How Good Acoustics Alleviate Workplace Stress and Anxiety

With social distancing still vitally important in the fight against COVID-19, open-plan offices have never been a scarier place to work but return we must – for our mental health as much as our livelihoods, but could this be actually adding to our stress? Soundtect investigates.

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The open-plan office is a concept that is highly successful for several reasons. It is cost-effective, allows room for expansion and changing team dynamics and creates more working collaboration; it creates a ‘buzzy atmosphere’ and enhances the office culture and enjoyment at work. Every business wants more happy workers as they influence an organisation’s success and performance, but handled badly in design stage, noise pollution is inevitable. Noise is a primary cause of stress and reduction in productivity, and with the fear factor also thrown in, this could contribute to higher levels of stress and illness, rising absenteeism and continuous turnover of staff.

The typical noise level in an open-plan office is 65 dB, and shockingly that’s only 30 dB less than a lawnmower. And, background noise, even at low levels, has been found to increase stress levels and undermine short-term memory, reading comprehension and willingness to engage with others.

Workers have been seen to be 60% less productive in a noisy office – which is a worrying statistic to any business owner. Offices with open-plan layouts may not have the budget, especially after a potential dent in their turnover during the pandemic, to start building walls, but with social distancing key, having conversations whilst distanced will invariably lead to louder voices, which will; of course, lead to a higher level of noise distraction across the building.

Soundtect is one of the many companies that specialises in the manufacture and supply of many different solutions which can be tailored to be as funky or discreet as you like to address this problem, and whilst the addition of acoustic solutions adds an extra dimension to the overall design of a building, its primary purpose is to counteract the noise travelling around it. And let’s face it, now it is more essential than ever to keep our minds calm and composed during these difficult and stressful times.

Plethora of choice

Luckily, most applications – including baffles – can be easily installed as a retrofit project and are so varied in design and size that most offices will find an application that works perfectly for their space and, in this worrying period, budget.

The surge in glass partitioned meeting rooms is another trend which began long before COVID-19, but is now as prevalent as ever to keep staff and visitors safe and, more importantly, separate. However, as brilliant as these are for creating private areas and light-filled meeting places which retain the flow and light of a building, the addition of glass will compound the issue of noise, especially in small rooms, or those with large windows already and often little or no soft surfaces. So, an acoustic treatment to counteract this inevitable reverberation is vital.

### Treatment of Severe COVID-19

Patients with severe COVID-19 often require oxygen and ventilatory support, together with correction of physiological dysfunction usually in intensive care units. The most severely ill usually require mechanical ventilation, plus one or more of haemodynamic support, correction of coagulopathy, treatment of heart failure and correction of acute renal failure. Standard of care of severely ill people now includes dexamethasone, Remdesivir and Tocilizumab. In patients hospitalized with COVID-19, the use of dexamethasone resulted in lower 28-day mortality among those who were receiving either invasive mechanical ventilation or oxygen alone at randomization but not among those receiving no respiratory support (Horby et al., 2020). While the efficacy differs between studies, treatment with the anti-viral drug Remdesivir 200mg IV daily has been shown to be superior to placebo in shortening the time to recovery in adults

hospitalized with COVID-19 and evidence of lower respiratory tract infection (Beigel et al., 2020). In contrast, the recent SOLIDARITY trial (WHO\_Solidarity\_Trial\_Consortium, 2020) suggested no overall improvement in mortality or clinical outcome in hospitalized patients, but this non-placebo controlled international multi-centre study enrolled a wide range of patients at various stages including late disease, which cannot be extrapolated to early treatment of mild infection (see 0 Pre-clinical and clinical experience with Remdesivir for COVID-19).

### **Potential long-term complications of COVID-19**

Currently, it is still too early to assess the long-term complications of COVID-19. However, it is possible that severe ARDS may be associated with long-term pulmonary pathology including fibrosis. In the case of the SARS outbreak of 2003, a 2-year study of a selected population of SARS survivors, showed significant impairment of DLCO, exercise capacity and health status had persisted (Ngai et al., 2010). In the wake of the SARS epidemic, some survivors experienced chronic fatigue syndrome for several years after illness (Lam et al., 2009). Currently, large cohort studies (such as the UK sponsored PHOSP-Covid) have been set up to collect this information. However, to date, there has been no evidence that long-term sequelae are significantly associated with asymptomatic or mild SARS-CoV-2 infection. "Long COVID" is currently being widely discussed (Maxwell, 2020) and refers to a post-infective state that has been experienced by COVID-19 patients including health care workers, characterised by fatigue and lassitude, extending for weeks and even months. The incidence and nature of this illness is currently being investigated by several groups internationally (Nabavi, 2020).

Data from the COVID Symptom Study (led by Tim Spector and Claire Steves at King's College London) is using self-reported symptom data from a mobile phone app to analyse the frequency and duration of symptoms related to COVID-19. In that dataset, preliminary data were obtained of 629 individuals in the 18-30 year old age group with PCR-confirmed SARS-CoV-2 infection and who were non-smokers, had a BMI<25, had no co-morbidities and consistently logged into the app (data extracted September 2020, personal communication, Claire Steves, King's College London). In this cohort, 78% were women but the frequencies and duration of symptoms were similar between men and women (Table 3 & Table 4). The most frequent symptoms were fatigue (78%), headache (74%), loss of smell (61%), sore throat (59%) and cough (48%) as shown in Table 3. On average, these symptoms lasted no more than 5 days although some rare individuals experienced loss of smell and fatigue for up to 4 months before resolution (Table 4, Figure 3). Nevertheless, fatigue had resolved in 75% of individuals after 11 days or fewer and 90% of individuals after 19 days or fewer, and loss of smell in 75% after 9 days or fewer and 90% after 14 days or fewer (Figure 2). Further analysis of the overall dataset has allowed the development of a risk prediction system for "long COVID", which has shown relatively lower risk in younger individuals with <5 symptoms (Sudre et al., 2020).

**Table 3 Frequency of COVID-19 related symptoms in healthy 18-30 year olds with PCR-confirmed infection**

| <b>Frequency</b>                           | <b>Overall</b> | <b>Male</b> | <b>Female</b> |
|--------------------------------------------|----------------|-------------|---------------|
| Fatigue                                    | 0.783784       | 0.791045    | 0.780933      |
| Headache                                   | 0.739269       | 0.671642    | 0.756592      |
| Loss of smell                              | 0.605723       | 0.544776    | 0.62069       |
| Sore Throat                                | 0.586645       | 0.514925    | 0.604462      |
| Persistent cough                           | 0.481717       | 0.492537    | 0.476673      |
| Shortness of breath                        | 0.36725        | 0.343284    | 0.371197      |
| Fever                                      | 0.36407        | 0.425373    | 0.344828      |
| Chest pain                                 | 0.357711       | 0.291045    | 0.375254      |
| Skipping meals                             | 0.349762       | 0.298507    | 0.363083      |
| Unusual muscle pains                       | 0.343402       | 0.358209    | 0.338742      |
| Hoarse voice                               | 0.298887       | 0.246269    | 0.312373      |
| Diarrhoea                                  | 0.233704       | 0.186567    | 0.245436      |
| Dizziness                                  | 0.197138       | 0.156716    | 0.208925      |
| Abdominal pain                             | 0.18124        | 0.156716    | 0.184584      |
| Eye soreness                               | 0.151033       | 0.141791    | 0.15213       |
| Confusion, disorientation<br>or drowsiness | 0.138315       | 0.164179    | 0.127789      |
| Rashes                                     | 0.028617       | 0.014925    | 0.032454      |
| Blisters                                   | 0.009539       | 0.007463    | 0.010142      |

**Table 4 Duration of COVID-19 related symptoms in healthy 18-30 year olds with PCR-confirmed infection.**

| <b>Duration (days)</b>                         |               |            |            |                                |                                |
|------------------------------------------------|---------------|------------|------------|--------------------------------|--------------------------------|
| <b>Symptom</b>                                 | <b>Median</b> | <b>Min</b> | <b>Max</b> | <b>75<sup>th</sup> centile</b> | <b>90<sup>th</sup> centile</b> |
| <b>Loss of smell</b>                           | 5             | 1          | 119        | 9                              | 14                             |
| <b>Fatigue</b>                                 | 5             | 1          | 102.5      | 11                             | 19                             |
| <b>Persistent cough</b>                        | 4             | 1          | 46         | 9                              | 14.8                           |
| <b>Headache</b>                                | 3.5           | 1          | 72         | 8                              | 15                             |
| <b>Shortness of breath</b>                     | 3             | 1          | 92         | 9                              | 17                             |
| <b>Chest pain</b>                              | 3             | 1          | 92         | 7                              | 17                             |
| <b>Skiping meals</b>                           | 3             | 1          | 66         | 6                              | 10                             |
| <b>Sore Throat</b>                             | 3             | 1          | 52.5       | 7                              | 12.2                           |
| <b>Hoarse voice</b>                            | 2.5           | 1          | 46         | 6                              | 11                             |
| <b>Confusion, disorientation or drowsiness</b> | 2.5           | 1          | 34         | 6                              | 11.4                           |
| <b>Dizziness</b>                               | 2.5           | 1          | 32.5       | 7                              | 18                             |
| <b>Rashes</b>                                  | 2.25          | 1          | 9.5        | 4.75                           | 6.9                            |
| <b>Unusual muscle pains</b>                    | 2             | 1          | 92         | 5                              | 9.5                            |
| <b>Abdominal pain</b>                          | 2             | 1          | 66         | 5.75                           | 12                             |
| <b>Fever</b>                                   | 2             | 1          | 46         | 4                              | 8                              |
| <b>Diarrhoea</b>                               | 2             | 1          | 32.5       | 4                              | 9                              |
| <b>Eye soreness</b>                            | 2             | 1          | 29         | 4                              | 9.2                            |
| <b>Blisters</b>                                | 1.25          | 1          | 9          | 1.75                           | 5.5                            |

The potential additional noise pollution has been addressed, but what about safety? Social distancing is key for us all to return to work with confidence and the peace of mind that our health is not at risk by returning to the arena. Keeping safe at the moment includes keeping a distance, which isn’t always possible – especially in busy offices. To address this, acoustic hanging screens which have been previously used to create quiet spots and mini-meeting areas in open-plan offices can be added to act as pathways to create this separation or section areas to assist the vulnerable. These noise-absorbing partitions have often had designs cut out in them to add additional interest, but it isn’t essential, and with safety more prevalent than ever to stop the spread of disease, solid partitions can be just as vibrant and interesting as they always were and should be seriously considered as an option.

Thankfully, there are plenty of acoustic solutions on the market which offer a wide range of solutions to balance the boom and restore the calm, so our mental health is covered as much as our physical wellbeing. We are all having to rethink the way we work, but it doesn’t mean that it will necessarily be more difficult; it may even change your environment for the better to a quieter, more personal and, of course, safer haven for us to work in for the foreseeable future.

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